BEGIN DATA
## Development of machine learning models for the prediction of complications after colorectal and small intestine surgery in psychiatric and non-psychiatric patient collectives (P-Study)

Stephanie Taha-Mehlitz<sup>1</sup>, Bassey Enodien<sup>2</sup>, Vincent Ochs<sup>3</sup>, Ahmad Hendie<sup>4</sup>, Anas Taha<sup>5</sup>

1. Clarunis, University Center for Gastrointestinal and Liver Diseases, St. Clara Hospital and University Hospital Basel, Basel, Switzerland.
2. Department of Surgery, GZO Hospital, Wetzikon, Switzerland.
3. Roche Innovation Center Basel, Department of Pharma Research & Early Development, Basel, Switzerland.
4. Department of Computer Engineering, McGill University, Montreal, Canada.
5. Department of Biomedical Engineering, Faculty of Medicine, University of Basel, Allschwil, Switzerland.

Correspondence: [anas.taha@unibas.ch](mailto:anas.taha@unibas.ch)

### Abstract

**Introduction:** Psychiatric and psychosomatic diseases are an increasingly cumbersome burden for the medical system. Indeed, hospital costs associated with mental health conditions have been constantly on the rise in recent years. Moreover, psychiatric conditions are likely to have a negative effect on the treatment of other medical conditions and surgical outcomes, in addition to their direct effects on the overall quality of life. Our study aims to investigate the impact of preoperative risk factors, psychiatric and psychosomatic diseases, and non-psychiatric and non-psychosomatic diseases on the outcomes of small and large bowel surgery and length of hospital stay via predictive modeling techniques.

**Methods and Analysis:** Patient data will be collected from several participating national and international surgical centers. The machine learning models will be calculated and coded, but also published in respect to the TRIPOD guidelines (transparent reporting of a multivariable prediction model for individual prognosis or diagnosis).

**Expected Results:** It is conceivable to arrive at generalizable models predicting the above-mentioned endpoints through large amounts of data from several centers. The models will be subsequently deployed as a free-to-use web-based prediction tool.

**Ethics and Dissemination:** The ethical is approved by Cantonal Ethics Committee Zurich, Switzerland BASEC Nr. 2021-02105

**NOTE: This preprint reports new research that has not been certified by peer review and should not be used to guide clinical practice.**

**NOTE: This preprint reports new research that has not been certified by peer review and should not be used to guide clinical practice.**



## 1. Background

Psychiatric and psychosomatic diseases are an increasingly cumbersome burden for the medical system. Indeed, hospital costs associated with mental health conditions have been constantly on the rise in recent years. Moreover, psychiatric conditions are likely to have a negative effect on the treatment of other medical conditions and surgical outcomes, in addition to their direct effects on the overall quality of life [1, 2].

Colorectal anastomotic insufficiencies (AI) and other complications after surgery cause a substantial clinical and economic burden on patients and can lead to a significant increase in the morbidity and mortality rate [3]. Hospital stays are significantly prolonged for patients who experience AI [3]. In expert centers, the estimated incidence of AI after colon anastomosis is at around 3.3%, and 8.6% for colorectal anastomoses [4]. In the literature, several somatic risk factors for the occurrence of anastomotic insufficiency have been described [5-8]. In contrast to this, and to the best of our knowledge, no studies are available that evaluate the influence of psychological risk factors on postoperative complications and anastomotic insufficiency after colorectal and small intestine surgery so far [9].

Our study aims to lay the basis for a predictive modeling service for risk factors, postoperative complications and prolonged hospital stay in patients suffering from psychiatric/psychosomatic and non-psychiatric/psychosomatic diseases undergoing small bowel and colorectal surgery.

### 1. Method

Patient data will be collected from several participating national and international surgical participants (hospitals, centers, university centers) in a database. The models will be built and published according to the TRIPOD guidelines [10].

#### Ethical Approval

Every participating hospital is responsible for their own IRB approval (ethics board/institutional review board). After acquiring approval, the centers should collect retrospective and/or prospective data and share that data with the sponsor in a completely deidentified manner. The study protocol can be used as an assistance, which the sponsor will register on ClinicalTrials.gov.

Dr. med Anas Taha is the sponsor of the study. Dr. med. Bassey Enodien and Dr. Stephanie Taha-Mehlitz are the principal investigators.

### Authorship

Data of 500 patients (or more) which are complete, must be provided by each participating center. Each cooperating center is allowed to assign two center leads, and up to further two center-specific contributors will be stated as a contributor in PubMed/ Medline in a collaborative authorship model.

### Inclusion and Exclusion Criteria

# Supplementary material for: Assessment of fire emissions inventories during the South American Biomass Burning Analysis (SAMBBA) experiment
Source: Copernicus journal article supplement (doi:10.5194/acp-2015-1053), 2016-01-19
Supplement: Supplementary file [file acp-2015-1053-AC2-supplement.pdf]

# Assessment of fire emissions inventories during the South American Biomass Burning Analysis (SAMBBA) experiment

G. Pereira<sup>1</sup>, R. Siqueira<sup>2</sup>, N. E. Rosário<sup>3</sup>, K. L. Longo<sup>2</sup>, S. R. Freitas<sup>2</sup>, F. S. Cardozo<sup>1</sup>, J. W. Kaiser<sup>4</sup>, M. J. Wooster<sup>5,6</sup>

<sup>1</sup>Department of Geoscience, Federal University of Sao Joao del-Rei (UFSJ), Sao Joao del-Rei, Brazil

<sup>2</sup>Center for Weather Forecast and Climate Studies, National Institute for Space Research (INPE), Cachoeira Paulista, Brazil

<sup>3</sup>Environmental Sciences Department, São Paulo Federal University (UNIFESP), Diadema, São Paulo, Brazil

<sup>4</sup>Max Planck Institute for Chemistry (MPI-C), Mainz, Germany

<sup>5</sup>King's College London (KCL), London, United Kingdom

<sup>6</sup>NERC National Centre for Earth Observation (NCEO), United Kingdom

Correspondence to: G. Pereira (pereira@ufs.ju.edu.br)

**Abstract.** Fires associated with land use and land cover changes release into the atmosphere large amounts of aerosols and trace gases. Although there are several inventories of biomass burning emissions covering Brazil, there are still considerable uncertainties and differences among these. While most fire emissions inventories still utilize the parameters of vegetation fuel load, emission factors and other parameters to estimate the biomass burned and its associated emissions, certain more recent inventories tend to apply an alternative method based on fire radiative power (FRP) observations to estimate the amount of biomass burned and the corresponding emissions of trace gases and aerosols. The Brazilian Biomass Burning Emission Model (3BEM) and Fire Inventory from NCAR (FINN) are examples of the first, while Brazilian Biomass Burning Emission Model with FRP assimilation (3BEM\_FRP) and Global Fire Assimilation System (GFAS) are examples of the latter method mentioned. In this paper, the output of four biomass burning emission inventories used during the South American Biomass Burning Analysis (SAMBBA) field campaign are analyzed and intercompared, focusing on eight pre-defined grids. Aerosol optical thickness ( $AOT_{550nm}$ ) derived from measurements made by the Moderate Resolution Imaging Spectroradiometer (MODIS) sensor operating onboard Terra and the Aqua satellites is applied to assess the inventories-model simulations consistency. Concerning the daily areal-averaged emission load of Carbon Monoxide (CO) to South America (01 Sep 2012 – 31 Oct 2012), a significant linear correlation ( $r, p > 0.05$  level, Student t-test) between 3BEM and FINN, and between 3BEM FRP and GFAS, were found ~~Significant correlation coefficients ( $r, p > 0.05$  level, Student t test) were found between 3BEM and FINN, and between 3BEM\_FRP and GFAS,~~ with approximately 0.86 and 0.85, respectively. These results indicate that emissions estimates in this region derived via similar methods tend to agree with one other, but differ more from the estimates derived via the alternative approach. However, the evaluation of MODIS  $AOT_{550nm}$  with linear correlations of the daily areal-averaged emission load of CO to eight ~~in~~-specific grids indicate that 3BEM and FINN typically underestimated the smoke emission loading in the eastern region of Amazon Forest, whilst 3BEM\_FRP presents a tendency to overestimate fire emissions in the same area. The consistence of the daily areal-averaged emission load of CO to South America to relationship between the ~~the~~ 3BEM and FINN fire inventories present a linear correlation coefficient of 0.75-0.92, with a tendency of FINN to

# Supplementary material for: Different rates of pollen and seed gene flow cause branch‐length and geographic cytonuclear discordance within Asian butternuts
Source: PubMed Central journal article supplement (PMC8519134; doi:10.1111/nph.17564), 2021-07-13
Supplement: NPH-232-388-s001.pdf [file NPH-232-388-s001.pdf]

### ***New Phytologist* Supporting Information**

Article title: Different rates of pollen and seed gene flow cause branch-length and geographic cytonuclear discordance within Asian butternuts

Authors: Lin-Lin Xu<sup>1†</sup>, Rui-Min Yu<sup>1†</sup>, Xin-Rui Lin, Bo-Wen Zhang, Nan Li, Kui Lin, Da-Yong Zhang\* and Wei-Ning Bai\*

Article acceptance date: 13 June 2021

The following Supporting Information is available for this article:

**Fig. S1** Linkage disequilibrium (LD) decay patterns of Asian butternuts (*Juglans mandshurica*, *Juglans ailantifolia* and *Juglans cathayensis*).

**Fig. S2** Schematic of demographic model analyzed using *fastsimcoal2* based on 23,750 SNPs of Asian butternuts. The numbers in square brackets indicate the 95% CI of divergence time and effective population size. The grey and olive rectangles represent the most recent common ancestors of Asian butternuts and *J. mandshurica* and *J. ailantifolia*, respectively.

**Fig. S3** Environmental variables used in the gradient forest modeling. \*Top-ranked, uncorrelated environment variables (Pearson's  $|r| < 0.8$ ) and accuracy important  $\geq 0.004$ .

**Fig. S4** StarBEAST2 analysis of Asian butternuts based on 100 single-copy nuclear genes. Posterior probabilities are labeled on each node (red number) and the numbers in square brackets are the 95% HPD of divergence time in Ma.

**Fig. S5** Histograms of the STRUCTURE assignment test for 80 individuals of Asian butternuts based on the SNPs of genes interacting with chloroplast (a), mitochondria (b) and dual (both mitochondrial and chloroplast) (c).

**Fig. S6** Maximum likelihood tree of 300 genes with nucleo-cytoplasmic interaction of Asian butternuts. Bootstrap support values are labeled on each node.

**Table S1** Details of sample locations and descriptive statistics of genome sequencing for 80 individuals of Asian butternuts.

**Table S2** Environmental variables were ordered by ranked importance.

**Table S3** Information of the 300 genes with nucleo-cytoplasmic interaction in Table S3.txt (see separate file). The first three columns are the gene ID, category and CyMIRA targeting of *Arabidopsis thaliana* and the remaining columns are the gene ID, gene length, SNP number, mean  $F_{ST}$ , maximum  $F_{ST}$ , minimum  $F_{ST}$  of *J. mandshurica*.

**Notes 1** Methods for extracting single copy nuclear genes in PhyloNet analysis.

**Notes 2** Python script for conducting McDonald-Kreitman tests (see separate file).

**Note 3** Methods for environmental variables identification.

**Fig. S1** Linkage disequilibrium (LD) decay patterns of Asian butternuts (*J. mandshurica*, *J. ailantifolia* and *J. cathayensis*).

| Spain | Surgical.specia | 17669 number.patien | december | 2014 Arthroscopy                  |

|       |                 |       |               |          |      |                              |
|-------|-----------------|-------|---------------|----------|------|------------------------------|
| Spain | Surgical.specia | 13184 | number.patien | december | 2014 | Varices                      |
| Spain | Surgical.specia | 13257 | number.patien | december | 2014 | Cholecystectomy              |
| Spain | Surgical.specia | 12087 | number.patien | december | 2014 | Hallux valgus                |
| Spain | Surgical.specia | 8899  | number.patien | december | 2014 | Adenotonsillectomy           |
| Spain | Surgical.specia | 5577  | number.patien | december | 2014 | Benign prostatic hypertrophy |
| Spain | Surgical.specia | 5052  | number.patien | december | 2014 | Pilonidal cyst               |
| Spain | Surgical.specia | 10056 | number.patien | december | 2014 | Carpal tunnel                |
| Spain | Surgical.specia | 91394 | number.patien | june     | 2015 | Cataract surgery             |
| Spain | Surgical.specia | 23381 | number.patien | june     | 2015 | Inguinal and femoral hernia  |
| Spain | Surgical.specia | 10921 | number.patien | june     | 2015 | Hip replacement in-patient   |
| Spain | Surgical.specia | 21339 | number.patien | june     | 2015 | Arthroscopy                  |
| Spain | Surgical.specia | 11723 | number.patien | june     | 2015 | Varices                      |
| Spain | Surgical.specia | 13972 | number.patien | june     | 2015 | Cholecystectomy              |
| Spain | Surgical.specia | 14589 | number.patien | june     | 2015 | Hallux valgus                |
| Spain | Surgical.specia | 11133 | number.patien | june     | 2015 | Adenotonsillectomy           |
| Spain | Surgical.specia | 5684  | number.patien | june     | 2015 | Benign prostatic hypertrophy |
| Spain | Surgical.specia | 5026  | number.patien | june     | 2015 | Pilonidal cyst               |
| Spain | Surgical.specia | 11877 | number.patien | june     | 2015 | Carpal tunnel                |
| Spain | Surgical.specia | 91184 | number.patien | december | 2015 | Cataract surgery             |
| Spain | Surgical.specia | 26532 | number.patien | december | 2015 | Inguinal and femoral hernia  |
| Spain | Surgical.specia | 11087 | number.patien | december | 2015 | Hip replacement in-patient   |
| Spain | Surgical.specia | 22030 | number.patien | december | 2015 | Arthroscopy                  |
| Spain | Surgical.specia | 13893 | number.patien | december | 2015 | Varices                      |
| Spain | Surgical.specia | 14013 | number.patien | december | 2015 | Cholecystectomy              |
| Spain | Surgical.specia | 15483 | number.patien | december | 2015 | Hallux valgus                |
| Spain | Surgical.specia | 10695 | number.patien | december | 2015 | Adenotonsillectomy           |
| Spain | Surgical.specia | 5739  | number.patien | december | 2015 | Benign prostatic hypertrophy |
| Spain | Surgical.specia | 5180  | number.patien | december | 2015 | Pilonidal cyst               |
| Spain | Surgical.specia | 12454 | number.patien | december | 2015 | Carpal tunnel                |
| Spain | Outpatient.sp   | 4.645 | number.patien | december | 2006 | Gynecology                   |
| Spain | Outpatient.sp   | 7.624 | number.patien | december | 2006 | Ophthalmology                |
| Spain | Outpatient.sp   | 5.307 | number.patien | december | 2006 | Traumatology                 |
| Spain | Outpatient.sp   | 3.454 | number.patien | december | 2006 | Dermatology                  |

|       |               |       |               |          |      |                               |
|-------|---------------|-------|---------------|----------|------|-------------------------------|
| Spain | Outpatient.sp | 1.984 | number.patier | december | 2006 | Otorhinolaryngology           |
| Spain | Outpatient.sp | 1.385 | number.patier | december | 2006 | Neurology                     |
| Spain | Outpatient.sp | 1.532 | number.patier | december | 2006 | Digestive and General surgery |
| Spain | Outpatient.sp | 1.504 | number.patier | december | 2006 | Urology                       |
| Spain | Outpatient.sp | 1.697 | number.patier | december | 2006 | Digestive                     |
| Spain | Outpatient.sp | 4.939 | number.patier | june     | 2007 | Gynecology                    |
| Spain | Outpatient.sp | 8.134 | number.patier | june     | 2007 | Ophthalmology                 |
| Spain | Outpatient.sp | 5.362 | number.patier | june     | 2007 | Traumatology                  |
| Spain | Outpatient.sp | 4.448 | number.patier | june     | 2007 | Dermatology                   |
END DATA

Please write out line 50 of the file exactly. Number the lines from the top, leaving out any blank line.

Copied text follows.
**Fig. S2** Schematic of demographic model analyzed using *fastsimcoal2* based on 23,750 SNPs of Asian butternuts. The numbers in square brackets indicate the 95% CI of divergence time and effective population size. The grey and olive rectangles represent the most recent common ancestors of Asian butternuts and *J. mandshurica* and *J. ailantifolia*, respectively.